It would be easy to think that the police officer is a figure who has existed since the beginning of civilization. That's the idea on display in the proclamation from President John F. Kennedy on the dedication of the week of May 15 as "National Police Week," in which he noted that law-enforcement officers had been protecting Americans since the nation’s birth.
In fact, the U.S. police force is a relatively modern invention, sparked by changing notions of public order, driven in turn by economics and politics, according to Gary Potter, a crime historian at Eastern Kentucky University.
Policing in Colonial America had been very informal, based on a for-profit, privately funded system that employed people part-time. Towns also commonly relied on a "night watch" in which volunteers signed up for a certain day and time, mostly to look out for fellow colonists engaging in prostitution or gambling. (Boston started one in 1636, New York followed in 1658 and Philadelphia created one in 1700.) But that system wasn't very efficient because the watchmen often slept and drank while on duty, and there were people who were put on watch duty as a form of punishment.
Night-watch officers were supervised by constables, but that wasn't exactly a highly sought-after job, either. Early policemen "didn't want to wear badges because these guys had bad reputations to begin with, and they didn't want to be identified as people that other people didn't like," says Potter. When localities tried compulsory service, "if you were rich enough, you paid someone to do it for you — ironically, a criminal or a community thug."
As the nation grew, however, different regions made use of different policing systems.
In cities, increasing urbanization rendered the night-watch system completely useless as communities got too big. The first publicly funded, organized police force with officers on duty full-time was created in Boston in 1838. Boston was a large shipping commercial center, and businesses had been hiring people to protect their property and safeguard the transport of goods from the port of Boston to other places, says Potter. These merchants came up with a way to save money by transferring to the cost of maintaining a police force to citizens by arguing that it was for the "collective good."
In the South, however, the economics that drove the creation of police forces were centered not on the protection of shipping interests but on the preservation of the slavery system. Some of the primary policing institutions there were the slave patrols tasked with chasing down runaways and preventing slave revolts, Potter says; the first formal slave patrol had been created in the Carolina colonies in 1704. During the Civil War, the military became the primary form of law enforcement in the South, but during Reconstruction, many local sheriffs functioned in a way analogous to the earlier slave patrols, enforcing segregation and the disenfranchisement of freed slaves.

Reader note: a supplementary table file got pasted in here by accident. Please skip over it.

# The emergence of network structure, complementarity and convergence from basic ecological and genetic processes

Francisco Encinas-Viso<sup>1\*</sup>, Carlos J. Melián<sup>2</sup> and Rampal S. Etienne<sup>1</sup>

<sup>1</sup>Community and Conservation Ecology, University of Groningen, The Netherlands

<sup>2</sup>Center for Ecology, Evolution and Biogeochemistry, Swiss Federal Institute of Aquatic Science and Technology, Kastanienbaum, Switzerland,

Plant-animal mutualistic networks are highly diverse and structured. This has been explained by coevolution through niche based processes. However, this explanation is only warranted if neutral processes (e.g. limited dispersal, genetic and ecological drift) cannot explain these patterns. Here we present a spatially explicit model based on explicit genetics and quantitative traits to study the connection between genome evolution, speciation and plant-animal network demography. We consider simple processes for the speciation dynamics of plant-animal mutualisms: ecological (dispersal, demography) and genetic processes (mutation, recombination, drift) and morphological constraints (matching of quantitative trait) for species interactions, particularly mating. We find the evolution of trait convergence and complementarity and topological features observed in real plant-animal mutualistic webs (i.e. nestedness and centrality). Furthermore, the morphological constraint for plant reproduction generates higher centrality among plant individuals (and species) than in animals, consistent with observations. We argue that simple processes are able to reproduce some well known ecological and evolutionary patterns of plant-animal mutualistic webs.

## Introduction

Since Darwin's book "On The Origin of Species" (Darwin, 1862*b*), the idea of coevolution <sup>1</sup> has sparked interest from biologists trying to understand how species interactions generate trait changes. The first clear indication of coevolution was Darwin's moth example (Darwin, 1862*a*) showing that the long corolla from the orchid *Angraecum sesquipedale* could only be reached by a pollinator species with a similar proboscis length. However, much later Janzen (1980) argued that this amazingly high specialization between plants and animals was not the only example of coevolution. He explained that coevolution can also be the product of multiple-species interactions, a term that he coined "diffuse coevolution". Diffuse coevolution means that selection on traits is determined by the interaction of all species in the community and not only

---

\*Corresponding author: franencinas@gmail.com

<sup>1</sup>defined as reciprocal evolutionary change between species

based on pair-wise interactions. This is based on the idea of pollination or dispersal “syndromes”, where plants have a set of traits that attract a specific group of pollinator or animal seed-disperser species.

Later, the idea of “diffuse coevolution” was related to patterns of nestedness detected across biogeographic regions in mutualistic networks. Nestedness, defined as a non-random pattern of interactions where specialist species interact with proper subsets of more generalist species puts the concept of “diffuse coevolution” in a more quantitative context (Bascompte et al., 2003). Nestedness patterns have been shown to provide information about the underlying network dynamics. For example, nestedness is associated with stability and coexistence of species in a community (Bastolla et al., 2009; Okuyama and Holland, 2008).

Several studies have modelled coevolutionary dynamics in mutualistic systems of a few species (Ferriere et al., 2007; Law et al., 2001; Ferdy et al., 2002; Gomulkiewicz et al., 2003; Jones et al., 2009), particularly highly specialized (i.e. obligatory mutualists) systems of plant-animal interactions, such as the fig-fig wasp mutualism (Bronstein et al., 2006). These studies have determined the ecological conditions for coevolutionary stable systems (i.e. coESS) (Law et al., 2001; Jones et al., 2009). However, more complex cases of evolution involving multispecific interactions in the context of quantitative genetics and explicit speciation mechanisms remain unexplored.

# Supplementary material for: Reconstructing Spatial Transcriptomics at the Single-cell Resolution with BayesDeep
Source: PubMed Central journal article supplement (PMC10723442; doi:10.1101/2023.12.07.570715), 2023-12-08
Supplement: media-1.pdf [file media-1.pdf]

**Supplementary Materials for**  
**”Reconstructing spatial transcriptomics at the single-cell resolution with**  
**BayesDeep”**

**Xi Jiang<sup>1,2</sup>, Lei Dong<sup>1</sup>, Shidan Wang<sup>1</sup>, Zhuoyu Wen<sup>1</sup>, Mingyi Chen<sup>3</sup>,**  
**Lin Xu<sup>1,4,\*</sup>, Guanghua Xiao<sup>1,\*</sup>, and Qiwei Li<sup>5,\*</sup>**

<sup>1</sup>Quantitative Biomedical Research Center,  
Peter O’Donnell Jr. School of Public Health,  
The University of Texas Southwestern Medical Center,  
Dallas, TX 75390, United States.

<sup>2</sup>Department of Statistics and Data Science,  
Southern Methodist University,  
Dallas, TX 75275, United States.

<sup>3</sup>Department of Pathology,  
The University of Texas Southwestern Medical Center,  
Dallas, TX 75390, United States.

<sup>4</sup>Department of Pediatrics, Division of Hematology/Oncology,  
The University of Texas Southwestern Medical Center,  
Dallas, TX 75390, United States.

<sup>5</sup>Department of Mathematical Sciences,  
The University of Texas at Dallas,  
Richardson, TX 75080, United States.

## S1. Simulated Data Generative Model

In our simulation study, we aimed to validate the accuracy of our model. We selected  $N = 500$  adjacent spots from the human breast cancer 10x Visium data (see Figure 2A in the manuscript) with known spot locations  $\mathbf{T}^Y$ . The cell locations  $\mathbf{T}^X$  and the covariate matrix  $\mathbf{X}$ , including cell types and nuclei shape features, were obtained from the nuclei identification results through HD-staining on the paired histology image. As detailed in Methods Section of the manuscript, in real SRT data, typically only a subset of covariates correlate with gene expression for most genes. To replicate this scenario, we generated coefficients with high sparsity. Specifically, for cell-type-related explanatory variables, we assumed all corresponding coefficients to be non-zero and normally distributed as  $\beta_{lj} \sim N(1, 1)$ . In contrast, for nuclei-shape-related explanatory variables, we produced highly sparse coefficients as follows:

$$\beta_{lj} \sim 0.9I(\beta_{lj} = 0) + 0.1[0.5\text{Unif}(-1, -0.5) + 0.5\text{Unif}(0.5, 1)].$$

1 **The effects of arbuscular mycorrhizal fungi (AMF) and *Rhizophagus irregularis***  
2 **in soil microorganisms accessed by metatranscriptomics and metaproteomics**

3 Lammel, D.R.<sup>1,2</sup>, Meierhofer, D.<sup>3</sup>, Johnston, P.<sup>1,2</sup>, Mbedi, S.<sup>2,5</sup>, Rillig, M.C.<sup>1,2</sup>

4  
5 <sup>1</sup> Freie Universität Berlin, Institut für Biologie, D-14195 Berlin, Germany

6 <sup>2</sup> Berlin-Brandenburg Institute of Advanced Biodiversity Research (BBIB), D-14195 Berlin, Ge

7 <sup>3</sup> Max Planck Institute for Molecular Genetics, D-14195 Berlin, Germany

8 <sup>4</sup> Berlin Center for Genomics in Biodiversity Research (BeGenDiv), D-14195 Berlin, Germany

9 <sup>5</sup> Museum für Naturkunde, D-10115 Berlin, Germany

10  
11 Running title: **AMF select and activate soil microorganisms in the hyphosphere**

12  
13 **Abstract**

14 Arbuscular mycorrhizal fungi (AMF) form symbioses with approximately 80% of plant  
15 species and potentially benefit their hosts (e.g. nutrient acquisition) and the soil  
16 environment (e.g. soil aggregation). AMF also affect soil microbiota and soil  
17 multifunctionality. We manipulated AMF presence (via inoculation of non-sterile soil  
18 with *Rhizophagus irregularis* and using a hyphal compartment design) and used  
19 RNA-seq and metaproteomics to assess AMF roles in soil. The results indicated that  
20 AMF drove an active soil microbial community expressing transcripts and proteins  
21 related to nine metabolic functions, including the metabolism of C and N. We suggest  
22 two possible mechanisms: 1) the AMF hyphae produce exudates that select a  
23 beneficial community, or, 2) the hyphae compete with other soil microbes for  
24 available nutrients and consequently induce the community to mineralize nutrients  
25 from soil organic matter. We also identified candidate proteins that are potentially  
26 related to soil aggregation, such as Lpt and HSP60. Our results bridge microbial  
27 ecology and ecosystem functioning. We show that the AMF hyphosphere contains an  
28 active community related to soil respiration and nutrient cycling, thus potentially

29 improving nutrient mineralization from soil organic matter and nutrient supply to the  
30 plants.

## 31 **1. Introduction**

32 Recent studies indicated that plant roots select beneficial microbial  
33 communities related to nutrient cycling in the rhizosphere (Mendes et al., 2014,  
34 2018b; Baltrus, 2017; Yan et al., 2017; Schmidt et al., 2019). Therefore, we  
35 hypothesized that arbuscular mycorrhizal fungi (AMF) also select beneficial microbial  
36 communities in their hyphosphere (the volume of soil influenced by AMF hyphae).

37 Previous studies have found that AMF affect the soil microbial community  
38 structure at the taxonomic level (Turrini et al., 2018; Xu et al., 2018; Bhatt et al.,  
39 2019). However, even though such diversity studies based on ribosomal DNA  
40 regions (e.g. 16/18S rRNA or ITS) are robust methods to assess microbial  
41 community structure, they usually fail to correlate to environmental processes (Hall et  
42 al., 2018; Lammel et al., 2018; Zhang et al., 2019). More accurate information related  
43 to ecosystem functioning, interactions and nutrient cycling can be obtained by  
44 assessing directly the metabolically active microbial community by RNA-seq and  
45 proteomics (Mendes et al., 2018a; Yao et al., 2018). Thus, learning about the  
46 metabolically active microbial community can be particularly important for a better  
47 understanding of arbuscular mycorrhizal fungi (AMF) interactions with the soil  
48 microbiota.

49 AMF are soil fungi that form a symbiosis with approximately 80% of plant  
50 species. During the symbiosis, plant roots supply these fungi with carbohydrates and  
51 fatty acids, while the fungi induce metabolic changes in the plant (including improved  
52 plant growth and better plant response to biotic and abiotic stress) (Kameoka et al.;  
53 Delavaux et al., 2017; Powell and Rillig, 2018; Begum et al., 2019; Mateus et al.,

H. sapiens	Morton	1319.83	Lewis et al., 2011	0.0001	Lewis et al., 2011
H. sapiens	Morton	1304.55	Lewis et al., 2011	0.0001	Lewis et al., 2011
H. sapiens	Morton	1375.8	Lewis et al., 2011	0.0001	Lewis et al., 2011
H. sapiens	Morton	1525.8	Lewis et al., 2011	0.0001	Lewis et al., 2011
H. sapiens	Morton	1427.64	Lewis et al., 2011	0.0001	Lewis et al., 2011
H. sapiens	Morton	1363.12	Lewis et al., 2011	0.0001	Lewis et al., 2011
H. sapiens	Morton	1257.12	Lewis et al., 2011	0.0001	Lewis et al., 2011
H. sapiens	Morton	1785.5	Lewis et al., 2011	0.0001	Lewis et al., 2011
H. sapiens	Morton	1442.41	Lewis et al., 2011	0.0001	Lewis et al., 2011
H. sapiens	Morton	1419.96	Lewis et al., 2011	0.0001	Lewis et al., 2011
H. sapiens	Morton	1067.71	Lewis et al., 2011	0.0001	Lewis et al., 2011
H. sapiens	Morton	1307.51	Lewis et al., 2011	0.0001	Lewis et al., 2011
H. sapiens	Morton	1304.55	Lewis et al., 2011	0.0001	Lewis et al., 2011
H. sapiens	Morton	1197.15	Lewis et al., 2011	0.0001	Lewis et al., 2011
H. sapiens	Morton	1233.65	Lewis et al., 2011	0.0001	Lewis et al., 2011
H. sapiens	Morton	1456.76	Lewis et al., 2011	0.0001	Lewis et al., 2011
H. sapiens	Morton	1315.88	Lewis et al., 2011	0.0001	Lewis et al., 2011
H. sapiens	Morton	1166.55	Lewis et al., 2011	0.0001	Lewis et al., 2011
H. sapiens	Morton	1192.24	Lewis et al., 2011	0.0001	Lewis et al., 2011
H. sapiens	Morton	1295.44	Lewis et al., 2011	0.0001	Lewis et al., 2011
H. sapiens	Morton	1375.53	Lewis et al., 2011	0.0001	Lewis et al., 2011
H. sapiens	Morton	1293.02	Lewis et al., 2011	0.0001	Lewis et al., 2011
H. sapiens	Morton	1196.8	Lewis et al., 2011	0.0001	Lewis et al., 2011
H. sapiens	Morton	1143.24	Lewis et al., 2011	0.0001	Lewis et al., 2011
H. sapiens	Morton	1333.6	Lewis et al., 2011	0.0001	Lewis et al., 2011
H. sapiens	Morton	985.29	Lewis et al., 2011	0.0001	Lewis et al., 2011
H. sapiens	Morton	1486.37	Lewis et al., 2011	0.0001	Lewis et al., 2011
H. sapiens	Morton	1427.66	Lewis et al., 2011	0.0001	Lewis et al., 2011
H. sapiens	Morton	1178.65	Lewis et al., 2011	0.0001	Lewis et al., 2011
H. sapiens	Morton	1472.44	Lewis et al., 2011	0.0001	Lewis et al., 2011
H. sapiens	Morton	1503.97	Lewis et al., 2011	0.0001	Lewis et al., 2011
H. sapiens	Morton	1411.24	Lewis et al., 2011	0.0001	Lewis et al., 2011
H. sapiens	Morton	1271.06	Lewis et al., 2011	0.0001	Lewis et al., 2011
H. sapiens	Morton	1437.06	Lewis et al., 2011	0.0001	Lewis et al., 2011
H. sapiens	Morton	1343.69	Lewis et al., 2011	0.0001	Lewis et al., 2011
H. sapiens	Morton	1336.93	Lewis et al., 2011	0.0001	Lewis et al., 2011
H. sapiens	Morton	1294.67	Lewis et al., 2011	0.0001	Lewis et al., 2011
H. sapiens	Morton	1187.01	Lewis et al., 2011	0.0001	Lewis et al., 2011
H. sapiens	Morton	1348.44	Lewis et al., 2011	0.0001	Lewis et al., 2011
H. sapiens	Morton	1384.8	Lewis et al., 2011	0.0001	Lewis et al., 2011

In general, throughout the 19th century and beyond, the definition of public order — that which the police officer was charged with maintaining — depended whom was asked.
For example, businessmen in the late 19th century had both connections to politicians and an image of the kinds of people most likely to go on strike and disrupt their workforce. So it's no coincidence that by the late 1880s, all major U.S. cities had police forces. Fears of labor-union organizers and of large waves of Catholic, Irish, Italian, German, and Eastern European immigrants, who looked and acted differently from the people who had dominated cities before, drove the call for the preservation of law and order, or at least the version of it promoted by dominant interests. For example, people who drank at taverns rather than at home were seen as "dangerous" people by others, but they might have pointed out other factors such as how living in a smaller home makes drinking in a tavern more appealing. (The irony of this logic, Potter points out, is that the businessmen who maintained this belief were often the ones who profited off of the commercial sale of alcohol in public places.)
At the same time, the late 19th century was the era of political machines, so police captains and sergeants for each precinct were often picked by the local political party ward leader, who often owned taverns or ran street gangs that intimidated voters. They then were able to use police to harass opponents of that particular political party, or provide payoffs for officers to turn a blind eye to allow illegal drinking, gambling and prostitution.
This situation was exacerbated during Prohibition, leading President Hoover to appoint the Wickersham Commission in 1929 to investigate the ineffectiveness of law enforcement nationwide. To make police independent from political party ward leaders, the map of police precincts was changed so that they would not correspond with political wards.
The drive to professionalize the police followed, which means that the concept of a career cop as we'd recognize it today is less than a century old.
Further campaigns for police professionalism were promoted as the 20th century progressed, but crime historian Samuel Walker's The Police in America: An Introduction argues that the move toward professionalism wasn't all good: that movement, he argues, promoted the creation of police departments that were "inward-looking" and "isolated from the public," and crime-control tactics that ended up exacerbating tensions between police and the communities they watch over. And so, more than a half-century after Kennedy's 1963 proclamation, the improvement and modernization of America's surprisingly young police force continues to this day.
A version of this article also appears in the May 29 issue of TIME.